While the Western is primarily known as an American cinematic institution, this has not stopped other countries from enthusiastically embracing the genre, the most notable being Italy with the ‘Spaghetti’ Westerns, with films such as A Fistful of Dollars (Per un pugno di dollari, Sergio Leone, 1964) and Django (Sergio Corbucci, 1966). However, there are Westerns from other countries and unexpected locales, such as A Man from the Boulevard des Capucines, a ‘Red’ Western from the Soviet Union, which seems directly inspired by the madcap genre bending spirit of Blazing Saddles (Mel Brooks, 1974), the controversial comedy classic that upended the Hollywood movie myths of the Old West. Aside from the novelty of a quintessentially American type of film being produced in the Soviet Union, A Man from the Boulevard des Capucines is also a rare instance of a Western being directed by a woman. Perhaps inspired by the elegiac feel of Sam Peckinpah’s films like The Wild Bunch (1969) and The Ballad of Cable Hogue (1970), director Alla Surikova’s film appears to be set in the fading days of the Old West, with the onset of the 20th century and emergent technologies forever changing the frontier way of life.

Starting with a robbery by a group of outlaws called the Black Jack Gang, in a sequence that references Stagecoach (John Ford, 1939), A Man from the Boulevard des Capucines is a film steeped in American cinema history, while also alluding to the creation of that history, a spirit embodied by Johnny First (Andrey Mironov), one of the coach passengers. Johnny is the only traveller that does not have a firearm, but he remains calm under pressure, even showing Black Jack (Mikhail Boyarskiy), the leader of the gang, his book on the history of cinema, and suggesting to the outlaw that there are pages still to be written, including Jack’s story. After the robbery, the coach and its passengers arrive in Santa Carolina, a town where time seems to have stopped, with the Old West preserved in amber and the inhabitants pickled with alcohol. The drunkenness of the townsfolk affords the opportunity for a series of inventive sight gags, with spilt drinks in a saloon soon replaced by swinging fists, which causes flying bodies that results in property destruction. This epic opening saloon brawl is eventually stopped by Harry (Oleg Tabakov), the saloon owner, with the establishment then hastily repaired by the patrons. Surikova starts the film with action scenes familiar from countless Westerns, maintaining a frenetic pace and cartoonish absurdity during these opening scenes, but then slowing the pace once Johnny introduces the patrons to the cinematograph.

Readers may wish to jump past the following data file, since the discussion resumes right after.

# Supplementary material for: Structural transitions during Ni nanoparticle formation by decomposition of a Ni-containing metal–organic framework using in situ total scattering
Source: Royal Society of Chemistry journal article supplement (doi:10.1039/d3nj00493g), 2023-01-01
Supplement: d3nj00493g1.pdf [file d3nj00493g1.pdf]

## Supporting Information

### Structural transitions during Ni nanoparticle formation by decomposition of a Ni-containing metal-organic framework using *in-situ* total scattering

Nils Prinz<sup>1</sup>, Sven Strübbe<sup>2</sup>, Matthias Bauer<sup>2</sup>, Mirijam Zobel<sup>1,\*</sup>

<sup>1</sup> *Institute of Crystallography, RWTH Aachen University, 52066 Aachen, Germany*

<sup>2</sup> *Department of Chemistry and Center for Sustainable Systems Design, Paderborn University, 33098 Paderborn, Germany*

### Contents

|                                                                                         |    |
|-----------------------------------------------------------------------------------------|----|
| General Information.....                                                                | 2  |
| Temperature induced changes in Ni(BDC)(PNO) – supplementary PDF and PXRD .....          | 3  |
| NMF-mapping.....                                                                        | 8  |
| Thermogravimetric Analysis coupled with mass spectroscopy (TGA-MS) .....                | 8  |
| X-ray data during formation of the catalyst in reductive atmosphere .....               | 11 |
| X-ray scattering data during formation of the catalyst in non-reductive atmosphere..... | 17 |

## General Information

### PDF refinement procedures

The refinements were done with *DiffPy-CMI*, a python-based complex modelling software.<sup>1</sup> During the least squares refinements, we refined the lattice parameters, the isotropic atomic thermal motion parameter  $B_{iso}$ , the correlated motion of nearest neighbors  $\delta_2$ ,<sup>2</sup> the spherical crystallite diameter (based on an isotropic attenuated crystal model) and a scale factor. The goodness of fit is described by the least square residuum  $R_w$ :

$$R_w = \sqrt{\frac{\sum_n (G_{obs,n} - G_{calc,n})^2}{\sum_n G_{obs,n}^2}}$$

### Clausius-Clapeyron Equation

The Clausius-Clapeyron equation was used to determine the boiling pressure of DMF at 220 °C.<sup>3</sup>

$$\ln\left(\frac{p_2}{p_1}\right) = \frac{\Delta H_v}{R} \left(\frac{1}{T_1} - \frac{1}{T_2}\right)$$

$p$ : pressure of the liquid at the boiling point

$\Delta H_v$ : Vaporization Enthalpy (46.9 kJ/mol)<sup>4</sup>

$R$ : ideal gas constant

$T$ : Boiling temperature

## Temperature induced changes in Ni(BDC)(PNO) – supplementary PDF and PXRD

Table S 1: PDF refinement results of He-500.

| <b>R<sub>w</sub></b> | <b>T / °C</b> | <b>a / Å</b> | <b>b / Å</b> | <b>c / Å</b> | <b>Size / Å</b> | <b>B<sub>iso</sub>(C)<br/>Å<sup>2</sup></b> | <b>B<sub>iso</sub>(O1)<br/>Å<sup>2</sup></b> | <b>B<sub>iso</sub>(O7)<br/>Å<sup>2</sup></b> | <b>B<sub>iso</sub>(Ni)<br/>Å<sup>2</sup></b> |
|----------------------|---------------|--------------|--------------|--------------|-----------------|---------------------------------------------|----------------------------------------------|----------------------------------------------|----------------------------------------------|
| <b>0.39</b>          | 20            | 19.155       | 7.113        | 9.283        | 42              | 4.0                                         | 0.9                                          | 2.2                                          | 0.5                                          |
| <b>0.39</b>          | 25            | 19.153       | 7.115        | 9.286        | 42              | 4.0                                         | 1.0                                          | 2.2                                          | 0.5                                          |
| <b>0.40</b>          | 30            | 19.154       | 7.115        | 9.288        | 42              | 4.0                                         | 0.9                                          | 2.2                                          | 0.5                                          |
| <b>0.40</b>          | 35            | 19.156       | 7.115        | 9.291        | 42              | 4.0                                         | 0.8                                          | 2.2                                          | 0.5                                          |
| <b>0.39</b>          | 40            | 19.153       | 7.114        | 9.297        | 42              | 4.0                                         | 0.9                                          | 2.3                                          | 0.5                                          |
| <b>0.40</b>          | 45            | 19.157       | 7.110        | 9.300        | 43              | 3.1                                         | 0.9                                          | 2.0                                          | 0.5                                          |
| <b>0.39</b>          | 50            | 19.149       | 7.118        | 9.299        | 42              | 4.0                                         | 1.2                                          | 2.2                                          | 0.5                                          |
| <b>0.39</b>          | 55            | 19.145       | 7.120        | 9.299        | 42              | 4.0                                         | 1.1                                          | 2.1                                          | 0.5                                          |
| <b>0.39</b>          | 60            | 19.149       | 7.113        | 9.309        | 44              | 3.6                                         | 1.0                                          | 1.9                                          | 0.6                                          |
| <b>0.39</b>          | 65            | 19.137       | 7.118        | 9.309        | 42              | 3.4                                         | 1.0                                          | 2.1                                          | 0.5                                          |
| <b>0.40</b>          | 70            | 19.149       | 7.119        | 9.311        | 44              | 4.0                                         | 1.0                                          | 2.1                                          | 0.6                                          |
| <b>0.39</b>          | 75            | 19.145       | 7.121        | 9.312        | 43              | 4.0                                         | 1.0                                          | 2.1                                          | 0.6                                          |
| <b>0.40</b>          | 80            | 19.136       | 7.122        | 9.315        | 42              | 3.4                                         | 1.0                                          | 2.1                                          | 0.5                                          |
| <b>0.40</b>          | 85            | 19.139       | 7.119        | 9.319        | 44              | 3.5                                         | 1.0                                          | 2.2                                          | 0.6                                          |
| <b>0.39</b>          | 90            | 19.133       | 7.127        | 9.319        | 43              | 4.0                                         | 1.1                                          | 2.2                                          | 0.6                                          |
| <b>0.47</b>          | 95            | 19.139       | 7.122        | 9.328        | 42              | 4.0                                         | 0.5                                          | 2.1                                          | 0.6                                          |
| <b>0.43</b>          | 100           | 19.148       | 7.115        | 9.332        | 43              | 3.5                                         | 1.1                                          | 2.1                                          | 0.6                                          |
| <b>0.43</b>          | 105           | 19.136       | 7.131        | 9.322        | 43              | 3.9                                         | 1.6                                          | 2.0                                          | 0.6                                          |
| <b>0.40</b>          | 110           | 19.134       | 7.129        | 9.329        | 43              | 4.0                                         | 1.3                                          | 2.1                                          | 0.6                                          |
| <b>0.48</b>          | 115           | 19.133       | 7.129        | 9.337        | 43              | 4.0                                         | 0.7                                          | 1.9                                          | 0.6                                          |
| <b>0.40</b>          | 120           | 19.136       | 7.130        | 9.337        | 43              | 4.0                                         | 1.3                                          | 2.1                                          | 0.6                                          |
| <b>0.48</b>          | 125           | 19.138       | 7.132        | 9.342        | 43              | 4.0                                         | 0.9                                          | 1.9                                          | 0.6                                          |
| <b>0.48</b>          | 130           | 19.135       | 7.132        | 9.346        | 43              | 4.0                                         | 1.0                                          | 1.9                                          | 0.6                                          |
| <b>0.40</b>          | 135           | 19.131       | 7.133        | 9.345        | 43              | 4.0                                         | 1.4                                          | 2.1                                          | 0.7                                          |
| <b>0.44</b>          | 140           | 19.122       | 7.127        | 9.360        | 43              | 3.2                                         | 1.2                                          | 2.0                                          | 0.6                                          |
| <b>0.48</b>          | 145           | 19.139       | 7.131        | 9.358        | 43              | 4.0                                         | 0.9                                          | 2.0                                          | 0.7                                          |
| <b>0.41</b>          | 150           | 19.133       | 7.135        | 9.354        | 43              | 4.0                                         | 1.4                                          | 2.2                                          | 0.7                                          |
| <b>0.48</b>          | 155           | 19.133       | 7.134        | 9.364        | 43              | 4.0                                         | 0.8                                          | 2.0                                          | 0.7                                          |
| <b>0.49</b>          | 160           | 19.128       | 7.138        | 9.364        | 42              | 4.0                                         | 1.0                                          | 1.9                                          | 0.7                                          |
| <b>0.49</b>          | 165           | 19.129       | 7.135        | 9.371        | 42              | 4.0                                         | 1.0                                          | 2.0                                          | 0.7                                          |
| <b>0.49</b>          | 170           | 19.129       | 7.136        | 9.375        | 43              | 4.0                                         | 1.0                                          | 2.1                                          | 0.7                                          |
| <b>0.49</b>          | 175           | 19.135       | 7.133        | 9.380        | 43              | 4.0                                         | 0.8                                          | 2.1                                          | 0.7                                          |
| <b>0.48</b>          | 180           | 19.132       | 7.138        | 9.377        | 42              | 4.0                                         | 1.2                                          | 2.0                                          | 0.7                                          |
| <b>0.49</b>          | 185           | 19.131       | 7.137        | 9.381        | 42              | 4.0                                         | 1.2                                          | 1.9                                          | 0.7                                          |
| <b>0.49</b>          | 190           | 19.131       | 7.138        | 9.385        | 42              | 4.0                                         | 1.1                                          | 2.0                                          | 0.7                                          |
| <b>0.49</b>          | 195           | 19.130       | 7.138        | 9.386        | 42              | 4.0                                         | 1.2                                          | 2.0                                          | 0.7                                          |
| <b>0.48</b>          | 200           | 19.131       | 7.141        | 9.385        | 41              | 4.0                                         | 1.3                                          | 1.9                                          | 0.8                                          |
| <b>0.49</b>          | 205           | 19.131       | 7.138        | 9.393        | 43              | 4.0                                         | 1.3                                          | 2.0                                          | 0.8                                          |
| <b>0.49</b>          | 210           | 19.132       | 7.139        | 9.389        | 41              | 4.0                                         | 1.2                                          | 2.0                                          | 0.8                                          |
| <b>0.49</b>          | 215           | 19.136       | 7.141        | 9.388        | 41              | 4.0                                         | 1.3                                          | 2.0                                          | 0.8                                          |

Johnny, the cultured cinema buff, soon befriends Billy King (Nikolay Karachentsov), the rugged cowboy, and both they and the other saloon patrons watch a chorus line perform a dance number led by Ms Diana Little (Aleksandra Asmaye). After this, Johnny gets his cinematograph from the coach, along with a white sheet supplied by Ms Little, and starts up his projector, with the first film being L’Arrivée d’un train en gare de La Ciotat (Auguste Lumière, Louis Lumière, 1896). The assembled patrons run from the oncoming on screen locomotive, while some fire their guns at the image on the sheet, which is both a nod to the apocryphal reactions of early audiences to this film, and an amusing reversal of – and reference to – the famous gunshot fired at the camera by Justus D. Barnes in The Great Train Robbery (Edwin S. Porter, 1903). Next, the delighted patrons watch more films, including L’Arroseur arrosé (Louis Lumière, 1895), famous for showing a boy (Benoît Duval) stepping on a hosepipe of a gardener (François Clerc), and then releasing his foot from the hosepipe so that the gardener is blasted in the face with water. This film unites the patrons in laughter and is a gag played for real later in the town, showing that the photographic reality and the comedic fiction in the film have influenced people’s behaviour in the real world.